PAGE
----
Book review Analysis of Variance and Covariance How to Choose and Construct Models for the Life Sciences.код для вставкиСкачать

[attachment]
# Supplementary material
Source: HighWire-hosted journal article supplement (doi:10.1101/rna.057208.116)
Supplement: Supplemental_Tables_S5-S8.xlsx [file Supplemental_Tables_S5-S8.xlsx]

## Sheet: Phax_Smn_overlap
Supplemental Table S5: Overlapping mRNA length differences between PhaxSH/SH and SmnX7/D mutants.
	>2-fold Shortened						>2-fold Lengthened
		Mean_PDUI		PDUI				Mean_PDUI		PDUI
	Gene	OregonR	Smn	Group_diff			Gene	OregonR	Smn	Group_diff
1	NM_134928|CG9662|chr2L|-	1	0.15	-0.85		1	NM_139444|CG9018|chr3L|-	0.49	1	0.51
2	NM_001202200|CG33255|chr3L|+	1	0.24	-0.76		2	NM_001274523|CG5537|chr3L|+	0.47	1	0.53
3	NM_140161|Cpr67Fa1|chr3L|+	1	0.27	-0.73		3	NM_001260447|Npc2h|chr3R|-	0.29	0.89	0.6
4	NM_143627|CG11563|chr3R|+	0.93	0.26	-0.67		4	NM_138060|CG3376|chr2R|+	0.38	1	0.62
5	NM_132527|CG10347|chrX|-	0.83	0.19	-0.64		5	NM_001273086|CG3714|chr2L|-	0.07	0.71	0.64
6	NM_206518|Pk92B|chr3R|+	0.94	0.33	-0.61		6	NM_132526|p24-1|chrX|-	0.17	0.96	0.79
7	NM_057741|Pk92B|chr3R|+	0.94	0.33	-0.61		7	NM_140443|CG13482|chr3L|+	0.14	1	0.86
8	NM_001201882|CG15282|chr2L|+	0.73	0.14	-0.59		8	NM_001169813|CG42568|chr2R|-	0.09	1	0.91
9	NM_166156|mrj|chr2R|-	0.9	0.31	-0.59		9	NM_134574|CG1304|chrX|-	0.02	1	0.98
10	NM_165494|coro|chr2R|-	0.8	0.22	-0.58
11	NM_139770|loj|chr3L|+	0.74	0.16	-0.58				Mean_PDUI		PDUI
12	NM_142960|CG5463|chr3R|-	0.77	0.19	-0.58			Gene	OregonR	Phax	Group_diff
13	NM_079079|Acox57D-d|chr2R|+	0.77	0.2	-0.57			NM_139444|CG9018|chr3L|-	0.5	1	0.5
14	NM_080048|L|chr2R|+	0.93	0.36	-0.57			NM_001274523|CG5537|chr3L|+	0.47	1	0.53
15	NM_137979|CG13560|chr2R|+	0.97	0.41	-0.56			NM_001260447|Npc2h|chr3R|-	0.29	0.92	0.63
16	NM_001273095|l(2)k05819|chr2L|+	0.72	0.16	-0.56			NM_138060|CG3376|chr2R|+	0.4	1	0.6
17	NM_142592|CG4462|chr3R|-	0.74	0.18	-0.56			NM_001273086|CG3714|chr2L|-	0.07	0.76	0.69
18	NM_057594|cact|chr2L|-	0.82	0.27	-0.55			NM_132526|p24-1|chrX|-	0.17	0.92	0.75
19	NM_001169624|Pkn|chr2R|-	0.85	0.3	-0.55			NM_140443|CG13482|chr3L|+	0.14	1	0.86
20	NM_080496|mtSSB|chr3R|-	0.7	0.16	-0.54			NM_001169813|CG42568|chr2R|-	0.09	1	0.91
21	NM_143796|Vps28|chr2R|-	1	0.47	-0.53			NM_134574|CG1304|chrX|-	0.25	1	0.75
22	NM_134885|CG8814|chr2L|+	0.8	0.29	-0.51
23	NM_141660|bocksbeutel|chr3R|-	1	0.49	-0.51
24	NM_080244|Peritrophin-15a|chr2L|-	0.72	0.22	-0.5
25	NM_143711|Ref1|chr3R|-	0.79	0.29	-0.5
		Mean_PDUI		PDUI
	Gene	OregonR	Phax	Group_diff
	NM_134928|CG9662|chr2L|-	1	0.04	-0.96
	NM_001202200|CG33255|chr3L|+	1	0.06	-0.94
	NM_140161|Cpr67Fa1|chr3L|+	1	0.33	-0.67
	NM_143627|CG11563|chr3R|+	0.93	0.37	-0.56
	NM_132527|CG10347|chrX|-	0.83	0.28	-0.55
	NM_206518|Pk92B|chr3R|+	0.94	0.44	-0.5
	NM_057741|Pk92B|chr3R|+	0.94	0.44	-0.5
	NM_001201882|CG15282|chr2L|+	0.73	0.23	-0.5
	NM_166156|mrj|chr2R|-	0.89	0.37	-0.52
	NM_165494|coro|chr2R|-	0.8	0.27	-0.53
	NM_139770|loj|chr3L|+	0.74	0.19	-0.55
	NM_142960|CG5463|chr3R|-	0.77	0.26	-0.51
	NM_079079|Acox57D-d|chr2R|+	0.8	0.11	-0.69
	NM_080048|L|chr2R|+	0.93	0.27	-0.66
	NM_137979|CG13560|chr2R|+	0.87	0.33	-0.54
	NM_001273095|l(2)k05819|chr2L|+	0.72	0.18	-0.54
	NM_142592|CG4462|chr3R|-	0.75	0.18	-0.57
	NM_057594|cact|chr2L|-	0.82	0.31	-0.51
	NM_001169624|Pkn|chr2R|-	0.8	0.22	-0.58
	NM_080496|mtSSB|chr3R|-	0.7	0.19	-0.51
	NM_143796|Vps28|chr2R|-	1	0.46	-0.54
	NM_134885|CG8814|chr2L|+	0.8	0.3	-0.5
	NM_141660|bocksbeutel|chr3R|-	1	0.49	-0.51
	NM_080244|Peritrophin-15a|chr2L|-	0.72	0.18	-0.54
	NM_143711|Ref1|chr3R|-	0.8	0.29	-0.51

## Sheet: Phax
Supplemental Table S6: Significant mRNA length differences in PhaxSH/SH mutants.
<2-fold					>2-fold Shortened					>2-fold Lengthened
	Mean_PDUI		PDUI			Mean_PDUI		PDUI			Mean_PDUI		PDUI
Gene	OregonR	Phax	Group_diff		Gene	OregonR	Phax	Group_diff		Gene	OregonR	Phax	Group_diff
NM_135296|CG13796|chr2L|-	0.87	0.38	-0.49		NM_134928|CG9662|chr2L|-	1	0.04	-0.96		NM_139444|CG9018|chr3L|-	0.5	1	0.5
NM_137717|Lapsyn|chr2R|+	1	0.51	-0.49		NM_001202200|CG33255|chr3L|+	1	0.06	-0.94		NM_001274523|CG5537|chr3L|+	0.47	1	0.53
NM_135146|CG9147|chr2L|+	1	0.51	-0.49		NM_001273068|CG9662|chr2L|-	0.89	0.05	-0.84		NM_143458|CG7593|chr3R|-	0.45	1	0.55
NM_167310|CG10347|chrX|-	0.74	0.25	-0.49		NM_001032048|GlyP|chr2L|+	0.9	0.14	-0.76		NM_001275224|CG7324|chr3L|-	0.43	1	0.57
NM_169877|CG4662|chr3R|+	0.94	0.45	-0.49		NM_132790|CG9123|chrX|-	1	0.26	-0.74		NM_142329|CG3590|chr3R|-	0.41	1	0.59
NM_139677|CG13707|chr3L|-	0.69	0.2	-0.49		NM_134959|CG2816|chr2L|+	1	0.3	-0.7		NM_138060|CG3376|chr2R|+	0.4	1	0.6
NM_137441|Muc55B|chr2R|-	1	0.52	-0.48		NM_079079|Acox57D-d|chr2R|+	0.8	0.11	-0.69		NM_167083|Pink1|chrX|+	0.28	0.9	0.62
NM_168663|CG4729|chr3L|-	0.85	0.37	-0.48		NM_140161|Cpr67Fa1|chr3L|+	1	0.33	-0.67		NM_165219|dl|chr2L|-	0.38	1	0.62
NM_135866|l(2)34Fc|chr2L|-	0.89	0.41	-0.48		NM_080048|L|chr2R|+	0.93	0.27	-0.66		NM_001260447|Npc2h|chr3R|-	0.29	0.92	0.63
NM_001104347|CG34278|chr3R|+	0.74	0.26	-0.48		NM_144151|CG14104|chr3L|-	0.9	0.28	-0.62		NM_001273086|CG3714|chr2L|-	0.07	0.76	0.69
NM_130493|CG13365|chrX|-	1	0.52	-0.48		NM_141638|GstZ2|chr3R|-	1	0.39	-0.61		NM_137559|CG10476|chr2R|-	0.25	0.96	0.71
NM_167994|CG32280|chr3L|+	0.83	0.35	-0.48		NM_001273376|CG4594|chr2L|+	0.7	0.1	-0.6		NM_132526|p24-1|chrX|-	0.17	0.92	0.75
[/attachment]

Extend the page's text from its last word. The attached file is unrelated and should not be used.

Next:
AMERICAN JOURNAL OF PHYSICAL ANTHROPOLOGY 140:767–770 (2009) Book Reviews ANALYSIS OF VARIANCE AND COVARIANCE: HOW TO CHOOSE AND CONSTRUCT MODELS FOR THE LIFE SCIENCES. By C. Patrick Doncaster and Andrew J.H. Davey. New York, NY: Cambridge University Press. 2007. 288 pp. ISBN 9780-521-68447-7. $52.99 (paper). An abundance of texts that describe parametric statistical theory and methods are available, especially for the general linear model. It is uncommon, however, for these texts to provide both statistical mechanics and practical examples that not only are appropriate to biological lines of inquiry, but also serve as guidelines for developing experimental designs. Those books that perform these tasks are, on the whole, burdened by discussions on the breadth of statistical methods available, without the luxury of detailed consideration of any subset of those analytical models. Doncaster and Davey’s Analysis of Variance and Covariance is a rare example of a book that performs all of these functions while focusing on a particular family of statistical methods. Although their work will likely not eclipse the fundamental (though entirely mathematical) utility of Henry Scheffé’s The Analysis of Variance (1959), Doncaster and Davey’s book effectively fulﬁlls its purpose: to provide a comparative framework by which biological researchers can decide which analyses best ﬁt their hypothetical goals before designing studies and to demonstrate the breadth of ANOVA models for analyzing data. Rather than present these in an algebraically heavy format, the authors minimize the mathematics and center their discussions on concepts and models. This objective is efﬁciently facilitated by the use throughout of allocation tables, which provide visual representations of these models, thus giving the reader multiple formats to understand the research methods demonstrated in each section. Even though it is largely conceptual, the book is designed for readers already possessing a functional understanding of parametric statistics, namely the general linear model. In short, this is not an introductory text. However, advanced undergraduate students and certainly graduate students and practicing professionals will ﬁnd it useful as a guide and reference for research design from an analytical perspective. The book is roughly divided into three sections. First, the authors explain the general theory and assumptions behind analyses of variance and covariance and set the stage for the discussion of various models and experimental designs in the second section. These descriptions of models are subsequently explicated with practical biological examples laid out over seven chapters. Unsurprisingly, most of these examples (e.g., plant growth, barnacle population development) are not typical of hypotheses tested by biological anthropologists. Though some examples are directly applicable to anthropology, such as a study on captive lemur behavior (p 196), other examples may be readily extended to anthropological parallels. In the ﬁnal section, comprising the last 30 pages, the authors discuss topics related to the methods and models presented in those seven central chapters, C 2009 V WILEY-LISS, INC. touching on factor comparison techniques and the relationship of analyses of variance to the development of research projects. Those wishing to refresh themselves on the basic mechanics of calculating AN(C)OVAs will want to read through the ‘‘Introduction to analysis of variance,’’ a chapter that is arguably independently functional as a review of the analysis of variance and covariance in graduate-level statistics courses. The consideration of nested, mixed, and split-plot model ANOVAs (p 21–29), while densely written, is a strength of this introduction section and reﬂects the focus of the following chapters. Indeed, very little space is devoted to descriptions of one-factor ANOVAs in favor of multiple-factor analyses. It is noteworthy that the authors explicitly present the theory and calculations for AN(C)OVAs without specifying any statistical software package. Some readers may ﬁnd this aspect of the book frustrating, as it requires one to look elsewhere for how to encode data and run analyses in the software of choice. However, it is refreshing to not have the limitation of softwarespeciﬁc examples. Without such discussion, the reader is forced to pay attention to the concepts and mechanics of calculating AN(C)OVAs. This prevents the rote mimicry of step-by-step use of software without comprehension of the underlying methodology or appropriateness of the employment of the statistics, what I term ‘‘shake-andbake’’ statistics. Furthermore, as the authors state, the default use of computer packages ‘‘has a downside in their uncritical production of [AN(C)OVA] results’’ (p ix). Their approach elegantly sidesteps this problem. Among the other strengths of this book is the treatment of experimental design by the authors. This is not limited to examples of how each analytical model is practically utilized but is extended at the beginning and end of the book with discussions of choosing appropriate experimental setups for use with AN(C)OVAs. In addition, Doncaster and Davey include a highly informative evaluation of alternative experimental models in light of statistical power. The authors also provide an excellent, although very brief, guide for presenting and interpreting AN(C)OVA results (p 260–263), as well as a ‘‘troubleshooting’’ dialogue (p 265–270), which together serve as a primer of ‘‘dos’’ and ‘‘do nots.’’ There are a few areas for improvement in the volume. It was surprising to ﬁnd little discussion of planned or (unplanned) posthoc comparisons. The scant description of these methods, which neither details their merits nor compares their applications, is a striking oversight, as they—especially planned comparisons—are fundamental to hypothesis testing through ANOVAs. Likewise, no mention is made of nonparametric alternatives to the analyses presented. The authors, for instance, do not suggest the utility of Kruskal–Wallis tests in cases where parametric assumptions are violated. Also, eventhough Bayesian alternatives are beyond the scope of this volume, as they are often theoretically or practically inappropriate for the examples given, the mere existence of Bayesian methods is relegated to a single sentence at the end of the text (p 257). More discussion of all of these topics would be beneﬁcial. 768 BOOK REVIEWS Generally, I recommend Analysis of Variance and Covariance for use as a guide and reference by advanced students and researchers in biological anthropology. As noted at the beginning of this review, works focusing on a limited set of statistics while considering methods for experimental design are uncommon. Doncaster and Davey provide an excellent resource that accomplishes both for a class of methods often employed throughout physical anthropology. THE HUMAN FOSSIL RECORD, VOLUME 3. BRAIN ENDOCASTS: THE PALEONEUROLOGICAL EVIDENCE. By Ralph L. Holloway, Douglas C. Broadﬁeld, and Michael S. Yuan. Hoboken, New Jersey: Wiley-Liss. 2004. 315 pp. ISBN 0-471-41823-4. $254.50 (hardcover). Unfortunately for paleontology, brains do not preserve in the fossil record. Even if brains themselves fossilized, it would not be possible to examine their internal structure, essentially the ‘‘wiring’’ that reﬂects the speciﬁc neural functions that identify different species. The best that paleontologists can hope for is an endocast, a natural or artiﬁcial impression of the inside of the cranial vault. But an endocast is not a direct representation of the brain’s external topography, because three layers of tissue separate the brain surface from the internal table of the cranial vault. Reading an endocast is like trying to decipher the surface of an object covered by a balloon and then placed in another water-ﬁlled balloon! Still, as the authors of this volume remind us, endocasts are the most direct evidence of ancestral brains available to science. From endocasts, scientists can get information on brain size, the general shape and morphology of the brain’s external surface (e.g., asymmetries, relative development of regions, position of certain major gyri and sulci), and patterns of the meningeal-vessel impressions. A virtual treasure trove of information on these aspects of hominin endocasts is provided in this well designed, excellently produced volume. Although, many prominent paleoanthropologists have studied endocasts of fossil hominins, no one has analyzed more specimens or dealt with the details of endocasts more systematically than Ralph Holloway, the senior author of this volume. Third in The Human Fossil Record series, Brain Endocasts follows the format of the other volumes, providing individual descriptions of 91 fossil hominin endocasts. For the majority of these, Holloway and colleagues provide illustrations (photographs, line drawings, or both), volumetric measurements, and the methodology used to obtain each (along with an assessment of the estimate’s reliability), applicable metrics, and a discussion of the specimen’s signiﬁcance. In addition, there are summary tables of volumetric estimates and statistics for individual species and other groupings of fossil hominins in appendices. Simply, having the volumetric data available in a single source is a signiﬁcant contribution of this volume. However, Holloway and colleagues deviate from the other volumes in this series by moving beyond descriptions and providing some very useful and well considered interpretation of what these data can and cannot tell us about the brain in human evolution. They cogently present their perspectives on the major American Journal of Physical Anthropology BENJAMIN M. AUERBACH Department of Anthropology University of Tennessee Knoxville, TN 37996 DOI 10.1002/ajpa.21147 Published online 11 August 2009 in Wiley InterScience (www.interscience.wiley.com). debates relating to hominin endocast studies (e.g., the location of the lunate sulcus in early hominins or the relative development of the frontal and prefrontal lobes in archaic human neocortices), but to their credit, they also discuss the uncertainties that are a part of these analyses. The majority of their interpretations, as laid out in Part 6, emphasize the mosaic nature of hominin brain evolution as it can be determined from endocasts. In other words, the various components of the recent hominin brain do not appear at the same time. Thus, the brain size increase so evident in hominin evolution is not an isometric process. For example, the reduction of the primary visual cortex and corresponding increase in the posterior parietal association cortex likely ﬁrst appear with Australopithecus afarensis, while homininlike development of Broca’s cap and patterning of the left-occipital and right-frontal petalia are not apparent until about 2 million years ago. This pattern is found in specimens such as KNM-ER 1470 and in Homo erectus, but some purported early members of Homo (e.g., KNM-ER 1813) appear more australopithecine-like in endocast morphology. Holloway and colleagues note somewhat of a hiatus in endocasts that have been systematically studied from ca. 1.7 million years ago up until the appearance of Neandertals and their contemporaries. They elaborate on Holloway’s previous assessment that Neandertal endocasts, when compared to those of modern humans, lack any convincing indicators of neurological primitiveness or absence of language abilities. It is important to note that this interpretation was made prior to the discovery that Neandertals possess the recent-human form of FOXP2, the so-called language gene, although this ﬁnding certainly supports the endocast analysis presented in this volume. Holloway and colleagues also provide an assessment of important human behavioral evolution in light of the patterns they see in the endocast data. Although, I am sure that both Broadﬁeld and Yuan contributed signiﬁcantly to this volume’s excellence (as does Grimaud-Hervé with her very useful consideration of endocranial vasculature), the fact is that this book is a clear reﬂection of the careful analytical and interpretive work that has characterized the ﬁve decades of Holloway’s studies. Holloway and colleagues state at the outset that this volume is not a treatise on how the brain evolved. In fact, they assert that brain evolution can never be fully understood for the reasons noted at the beginning of this review. While that is likely true, Holloway and colleagues have given us an outstanding assessment of what we can glean through paleoneurology. Given the volume’s expense and specialized subject matter, I suspect it will ﬁnd its way only into the libra- 769 BOOK REVIEWS ries of researchers with advanced interests in the human fossil record and the evolution of the brain. But for those with such interests and for the libraries of universities and museums that deal with such topics, this book is an absolute necessity. Not only does this volume provide for the ﬁrst time a thorough compendium of known hominin endocasts, but also it does with clarity and attention to detail that will make it the standard for many years. HOMO ERECTUS: PLEISTOCENE EVIDENCE FROM THE MIDDLE AWASH, ETHIOPIA. Edited By W. Henry Gilbert and Berhane Asfaw. Berkeley: University of California Press. 2008. 480 pp. ISBN 978-0-520-25120-5. $75.00 (hardcover). In this era of instant messaging, there is still something quite satisfying about a well made book printed on glossy paper and securely bound. Better still is a book that advances the ﬁeld with descriptions of new material, thoughtful discussion, and an up-to-date bibliography. Such is the case with Homo erectus: Pleistocene Evidence from the Middle Awash, Ethiopia. The editors offer a comprehensive treatment of discoveries made from 1992 through 2002 in the Dakanihylo (Daka) Member of the Bouri Formation. Along with an account of the geology and geochronology of the study area, there are reports on various large fossil mammals, the Daka Homo erectus calvaria and postcranial remains, and the ecological setting in which the ancient animals and hominins evolved. In addition to the editors themselves, the contributors include the late F.C. Howell, to whom this and other monographs in the Middle Awash series are dedicated, and 15 specialists in paleoanthropology, vertebrate paleontology, radiometric dating, and stable isotope analysis. Bouri Formation sediments were deposited along ﬂoodplains, channels, and lake margins. The Daka Member is sandwiched between the underlying Hata and overlying Herto Members and consists mainly of silt and sandstone layers. A pumice unit at the base of this member gives single-crystal 40Ar/39Ar dates averaging 1.043 6 0.009 Ma, while pumice clasts collected high in the sections are dated to 0.966 6 0.006 Ma. Thus the Daka sediments and their fossils are close to 1.0 Ma in age. A step trench at locality BOU-VP-19 provided the opportunity to take samples for carbon and oxygen isotopic composition. Soil organic and carbonate isotopic ratios suggest a ﬂora made up mainly of C4 plants growing in unshaded habitats. Considered along with paleosol geomorphology, these data indicate a warm, seasonally dry, wooded to open grassland environment. The hominin cranium was discovered at locality BOUVP-2 late in the 1997 ﬁeld season. The investigators were able to transport their ﬁnd to the National Museum in Addis Ababa, where further cleaning (accomplished in part with a porcupine quill, selected because it would not damage unprotected bone surfaces) revealed a remarkably well-preserved vault and base. This ﬁne calvaria is described in detail. In their chapter on cranial anatomy, B. Asfaw, W.H. Gilbert, and G.D. Richards draw on the work of Franz Weidenreich and many subsequent authors, in an effort to incorporate a wide array FRED H. SMITH Department of Sociology and Anthropology Illinois State University Normal, IL DOI 10.1002/ajpa.21052 Published online 21 August 2009 in Wiley InterScience (www.interscience.wiley.com). of characters. Their account is explicitly comparative. There are numerous references to other Pleistocene specimens, particularly those referred to African and Asian Homo erectus. Such an approach requires careful effort, but in the end it is far more helpful than descriptions prepared without appropriate context. Black-andwhite photographs of the Daka fossil itself are paired with CT images. In addition to the text and plates, there is a lengthy table giving virtually all (>200) of the standard ectocranial measurements and indices utilized in the current literature. Together with the chapter on tomographic analysis detailing the internal morphology and features of the endocast, the Daka descriptions constitute a valuable resource that will be consulted regularly by paleoanthropologists. The Daka calvaria is sampled from a population living about 1.0 Ma. It is important to explore the evolutionary relationships of this group to others that are more or less contemporary in Africa and beyond, to determine how the lineage including Daka may have changed over time, and to outline a possible phylogeny of Homo in the Pleistocene. These topics are addressed in a separate chapter. Such questions are thorny ones, as there are many difﬁculties relating to the choice of ‘‘good’’ characters, construction of OTUs, and method of analysis. Indeed, most of the bony traits that anatomists depend on are hard to deﬁne, may not be homologous in different groups, and are probably not genetically or developmentally independent. Gilbert elects to carry out several cladistic analyses, not to generate cladograms that can be interpreted as evolutionary hypotheses, but rather to test assertions that have been advanced before about H. erectus and other species. A ﬁrst analysis produces no clear separation of African from Far Eastern fossils. Also, the early East African hominins are not closer to advanced mid-Pleistocene Homo than is later H. erectus from Java. These ﬁndings are not consistent with the view that African H. ergaster and Asian H. erectus constitute distinct lineages with separate evolutionary histories. Other analyses lead to much the same result, and it is concluded that the nomen H. erectus should be applied to a large set of broadly similar crania from across the Old World. The Daka hominins share anatomical features with both earlier African populations and later groups in Asia. It is increasingly difﬁcult to identify characters such as vault thickening or expression of particular cranial superstructures that are limited to individual geographic provinces. Also, while the Daka evidence does not speak directly to this issue, local populations of H. erectus were probably quite sexually dimorphic. Vari- American Journal of Physical Anthropology 770 BOOK REVIEWS ation between and within groups presents challenges for phylogenetic reconstruction. However, as suggested by the authors, it is reasonable to view Homo erectus as a widely dispersed, polytypic species within which there was some increase in brain size over time. The Daka fossils occupy an intermediate position within the lineage. This deme may be close in time to a later splitting event in which an African population gave rise to hominins that were clearly distinct from H. erectus. Indeed, such a specimen has been found in deposits at Bodo, also in the Middle Awash Valley. Apart from their relevance to systematics, the Daka discoveries open a window onto the ancient East African landscape. Fossil assemblages include carnivores, cercopithecid monkeys, equids, girafﬁds, hippos, elephants, rhinos, suids, and numerous bovids. A large Crocuta (hyaenid) cranium is one of the best ever recovered from a Pleistocene locality. A new species of colobine, abundant equids, hippo remains found in association with stone tools, and a very ﬁne sample of Kolpochoerus (a suid) all advance our understanding of African biogeography, biochronology, and paleoenvironment. However, it is the Daka bovid collection, 17 genera represented by hundreds of bones and teeth, that is most diverse taxonomically. Living bovids are relatively habitat speciﬁc. Tribal abundance comparisons show different patterns in closed and open environments. Despite the obvious difﬁculties of comparing modern assemblages with fossils ones, it is American Journal of Physical Anthropology possible to draw general conclusions from the relative proportions of bovid taxa in the Daka Member. The large number of grazers points to open and grassy environments. It is likely that there were also gallery forests and wooded areas, with a perennial supply of water. When paired with an earlier monograph covering Middle Awash archaeology (De Heinzelin J. et al., eds. 2000. The Acheulean and the Plio-Pleistocene Deposits of the Middle Awash Valley, Ethiopia [Royal Museum of Central Africa, Tervuren, Belgium]. Ann Sci Geol 104), this book succeeds in presenting a remarkably detailed picture of H. erectus living on an ecologically rich East African savannah. As research continues in this remote but hugely productive segment of the African rift system, we can look forward to more discoveries that will ﬁll out the story of human evolution. G. PHILIP RIGHTMIRE Department of Human Evolutionary Biology Harvard University Cambridge, Massachusetts DOI 10.1002/ajpa.21199 Published online 20 October 2009 in Wiley InterScience (www.interscience.wiley.com).